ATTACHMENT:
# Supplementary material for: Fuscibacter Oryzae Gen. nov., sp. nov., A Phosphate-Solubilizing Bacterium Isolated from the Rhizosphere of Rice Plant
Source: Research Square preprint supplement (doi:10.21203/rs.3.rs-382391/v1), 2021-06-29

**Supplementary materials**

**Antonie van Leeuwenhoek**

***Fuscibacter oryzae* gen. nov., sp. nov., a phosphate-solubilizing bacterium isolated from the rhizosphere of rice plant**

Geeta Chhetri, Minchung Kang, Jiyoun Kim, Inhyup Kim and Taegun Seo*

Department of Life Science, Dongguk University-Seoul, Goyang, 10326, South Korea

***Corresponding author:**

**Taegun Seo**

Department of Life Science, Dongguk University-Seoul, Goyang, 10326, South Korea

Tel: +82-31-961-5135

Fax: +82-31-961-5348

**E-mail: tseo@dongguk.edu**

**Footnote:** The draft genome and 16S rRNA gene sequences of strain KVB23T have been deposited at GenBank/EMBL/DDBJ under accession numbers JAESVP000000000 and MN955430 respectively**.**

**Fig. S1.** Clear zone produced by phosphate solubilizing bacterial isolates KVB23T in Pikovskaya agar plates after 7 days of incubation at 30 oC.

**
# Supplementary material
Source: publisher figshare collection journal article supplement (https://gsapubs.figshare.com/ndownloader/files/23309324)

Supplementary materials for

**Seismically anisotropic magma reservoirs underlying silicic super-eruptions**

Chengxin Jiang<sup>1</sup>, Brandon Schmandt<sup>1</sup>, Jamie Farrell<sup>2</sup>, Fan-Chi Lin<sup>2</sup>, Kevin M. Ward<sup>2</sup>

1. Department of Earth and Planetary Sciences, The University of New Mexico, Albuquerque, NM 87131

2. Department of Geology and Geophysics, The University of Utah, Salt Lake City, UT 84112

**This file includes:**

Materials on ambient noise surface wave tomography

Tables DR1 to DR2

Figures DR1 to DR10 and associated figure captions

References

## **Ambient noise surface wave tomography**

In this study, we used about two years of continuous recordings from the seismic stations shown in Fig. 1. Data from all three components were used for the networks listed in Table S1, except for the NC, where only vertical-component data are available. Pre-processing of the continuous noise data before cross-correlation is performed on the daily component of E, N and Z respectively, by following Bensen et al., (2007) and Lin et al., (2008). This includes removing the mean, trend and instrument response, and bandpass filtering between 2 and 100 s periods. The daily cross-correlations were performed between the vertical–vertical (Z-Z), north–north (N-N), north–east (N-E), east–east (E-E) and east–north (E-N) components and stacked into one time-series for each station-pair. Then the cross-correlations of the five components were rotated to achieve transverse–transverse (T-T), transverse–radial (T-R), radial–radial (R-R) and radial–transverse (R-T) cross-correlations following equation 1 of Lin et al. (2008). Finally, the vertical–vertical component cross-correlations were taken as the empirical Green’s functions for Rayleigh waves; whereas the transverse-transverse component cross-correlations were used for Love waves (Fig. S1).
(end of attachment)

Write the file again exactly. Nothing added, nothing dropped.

# Supplementary material for: Fuscibacter Oryzae Gen. nov., sp. nov., A Phosphate-Solubilizing Bacterium Isolated from the Rhizosphere of Rice Plant
Source: Research Square preprint supplement (doi:10.21203/rs.3.rs-382391/v1), 2021-06-29

**Supplementary materials**

**Antonie van Leeuwenhoek**

***Fuscibacter oryzae* gen. nov., sp. nov., a phosphate-solubilizing bacterium isolated from the rhizosphere of rice plant**

Geeta Chhetri, Minchung Kang, Jiyoun Kim, Inhyup Kim and Taegun Seo*

Department of Life Science, Dongguk University-Seoul, Goyang, 10326, South Korea

***Corresponding author:**

**Taegun Seo**

Department of Life Science, Dongguk University-Seoul, Goyang, 10326, South Korea

Tel: +82-31-961-5135

Fax: +82-31-961-5348

**E-mail: tseo@dongguk.edu**

**Footnote:** The draft genome and 16S rRNA gene sequences of strain KVB23T have been deposited at GenBank/EMBL/DDBJ under accession numbers JAESVP000000000 and MN955430 respectively**.**

**Fig. S1.** Clear zone produced by phosphate solubilizing bacterial isolates KVB23T in Pikovskaya agar plates after 7 days of incubation at 30 oC.

**
# Supplementary material
Source: publisher figshare collection journal article supplement (https://gsapubs.figshare.com/ndownloader/files/23309324)

Supplementary materials for

**Seismically anisotropic magma reservoirs underlying silicic super-eruptions**

Chengxin Jiang<sup>1</sup>, Brandon Schmandt<sup>1</sup>, Jamie Farrell<sup>2</sup>, Fan-Chi Lin<sup>2</sup>, Kevin M. Ward<sup>2</sup>

1. Department of Earth and Planetary Sciences, The University of New Mexico, Albuquerque, NM 87131

2. Department of Geology and Geophysics, The University of Utah, Salt Lake City, UT 84112

**This file includes:**

Materials on ambient noise surface wave tomography

Tables DR1 to DR2

Figures DR1 to DR10 and associated figure captions

References

## **Ambient noise surface wave tomography**

In this study, we used about two years of continuous recordings from the seismic stations shown in Fig. 1. Data from all three components were used for the networks listed in Table S1, except for the NC, where only vertical-component data are available. Pre-processing of the continuous noise data before cross-correlation is performed on the daily component of E, N and Z respectively, by following Bensen et al., (2007) and Lin et al., (2008). This includes removing the mean, trend and instrument response, and bandpass filtering between 2 and 100 s periods. The daily cross-correlations were performed between the vertical–vertical (Z-Z), north–north (N-N), north–east (N-E), east–east (E-E) and east–north (E-N) components and stacked into one time-series for each station-pair. Then the cross-correlations of the five components were rotated to achieve transverse–transverse (T-T), transverse–radial (T-R), radial–radial (R-R) and radial–transverse (R-T) cross-correlations following equation 1 of Lin et al. (2008). Finally, the vertical–vertical component cross-correlations were taken as the empirical Green’s functions for Rayleigh waves; whereas the transverse-transverse component cross-correlations were used for Love waves (Fig. S1).